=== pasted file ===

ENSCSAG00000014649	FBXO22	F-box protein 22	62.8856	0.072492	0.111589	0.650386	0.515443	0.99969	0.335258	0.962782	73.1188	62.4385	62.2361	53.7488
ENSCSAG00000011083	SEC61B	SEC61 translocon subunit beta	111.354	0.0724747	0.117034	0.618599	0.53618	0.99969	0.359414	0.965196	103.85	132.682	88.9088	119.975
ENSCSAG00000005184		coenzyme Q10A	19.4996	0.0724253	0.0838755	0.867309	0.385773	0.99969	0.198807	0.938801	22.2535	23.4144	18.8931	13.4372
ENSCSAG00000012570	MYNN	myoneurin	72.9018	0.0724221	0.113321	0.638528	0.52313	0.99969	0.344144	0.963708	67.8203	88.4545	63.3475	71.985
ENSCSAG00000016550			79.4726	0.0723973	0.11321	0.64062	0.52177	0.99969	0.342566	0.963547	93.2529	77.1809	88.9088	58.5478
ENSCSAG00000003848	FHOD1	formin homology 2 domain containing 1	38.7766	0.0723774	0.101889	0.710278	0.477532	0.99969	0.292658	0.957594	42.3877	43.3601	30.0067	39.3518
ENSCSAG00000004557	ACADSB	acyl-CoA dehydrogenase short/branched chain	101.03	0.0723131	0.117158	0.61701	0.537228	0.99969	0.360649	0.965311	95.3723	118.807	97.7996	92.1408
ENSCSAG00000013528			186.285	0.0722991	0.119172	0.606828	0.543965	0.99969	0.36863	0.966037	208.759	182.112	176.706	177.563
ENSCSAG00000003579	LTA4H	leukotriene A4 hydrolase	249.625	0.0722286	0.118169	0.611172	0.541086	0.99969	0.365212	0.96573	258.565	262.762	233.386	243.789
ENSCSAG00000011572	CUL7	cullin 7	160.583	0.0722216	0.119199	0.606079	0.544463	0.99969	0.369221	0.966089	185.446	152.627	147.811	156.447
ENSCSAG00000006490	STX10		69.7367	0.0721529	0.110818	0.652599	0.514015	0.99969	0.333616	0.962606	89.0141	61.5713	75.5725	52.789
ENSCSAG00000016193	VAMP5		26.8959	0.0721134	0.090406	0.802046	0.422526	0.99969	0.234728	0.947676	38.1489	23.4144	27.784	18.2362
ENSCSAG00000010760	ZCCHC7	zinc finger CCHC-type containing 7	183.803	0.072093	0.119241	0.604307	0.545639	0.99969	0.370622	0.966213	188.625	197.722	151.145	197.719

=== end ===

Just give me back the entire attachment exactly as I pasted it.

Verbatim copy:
ENSCSAG00000014649	FBXO22	F-box protein 22	62.8856	0.072492	0.111589	0.650386	0.515443	0.99969	0.335258	0.962782	73.1188	62.4385	62.2361	53.7488
ENSCSAG00000011083	SEC61B	SEC61 translocon subunit beta	111.354	0.0724747	0.117034	0.618599	0.53618	0.99969	0.359414	0.965196	103.85	132.682	88.9088	119.975
ENSCSAG00000005184		coenzyme Q10A	19.4996	0.0724253	0.0838755	0.867309	0.385773	0.99969	0.198807	0.938801	22.2535	23.4144	18.8931	13.4372
ENSCSAG00000012570	MYNN	myoneurin	72.9018	0.0724221	0.113321	0.638528	0.52313	0.99969	0.344144	0.963708	67.8203	88.4545	63.3475	71.985
ENSCSAG00000016550			79.4726	0.0723973	0.11321	0.64062	0.52177	0.99969	0.342566	0.963547	93.2529	77.1809	88.9088	58.5478
ENSCSAG00000003848	FHOD1	formin homology 2 domain containing 1	38.7766	0.0723774	0.101889	0.710278	0.477532	0.99969	0.292658	0.957594	42.3877	43.3601	30.0067	39.3518
ENSCSAG00000004557	ACADSB	acyl-CoA dehydrogenase short/branched chain	101.03	0.0723131	0.117158	0.61701	0.537228	0.99969	0.360649	0.965311	95.3723	118.807	97.7996	92.1408
ENSCSAG00000013528			186.285	0.0722991	0.119172	0.606828	0.543965	0.99969	0.36863	0.966037	208.759	182.112	176.706	177.563
ENSCSAG00000003579	LTA4H	leukotriene A4 hydrolase	249.625	0.0722286	0.118169	0.611172	0.541086	0.99969	0.365212	0.96573	258.565	262.762	233.386	243.789
ENSCSAG00000011572	CUL7	cullin 7	160.583	0.0722216	0.119199	0.606079	0.544463	0.99969	0.369221	0.966089	185.446	152.627	147.811	156.447
ENSCSAG00000006490	STX10		69.7367	0.0721529	0.110818	0.652599	0.514015	0.99969	0.333616	0.962606	89.0141	61.5713	75.5725	52.789
ENSCSAG00000016193	VAMP5		26.8959	0.0721134	0.090406	0.802046	0.422526	0.99969	0.234728	0.947676	38.1489	23.4144	27.784	18.2362
ENSCSAG00000010760	ZCCHC7	zinc finger CCHC-type containing 7	183.803	0.072093	0.119241	0.604307	0.545639	0.99969	0.370622	0.966213	188.625	197.722	151.145	197.719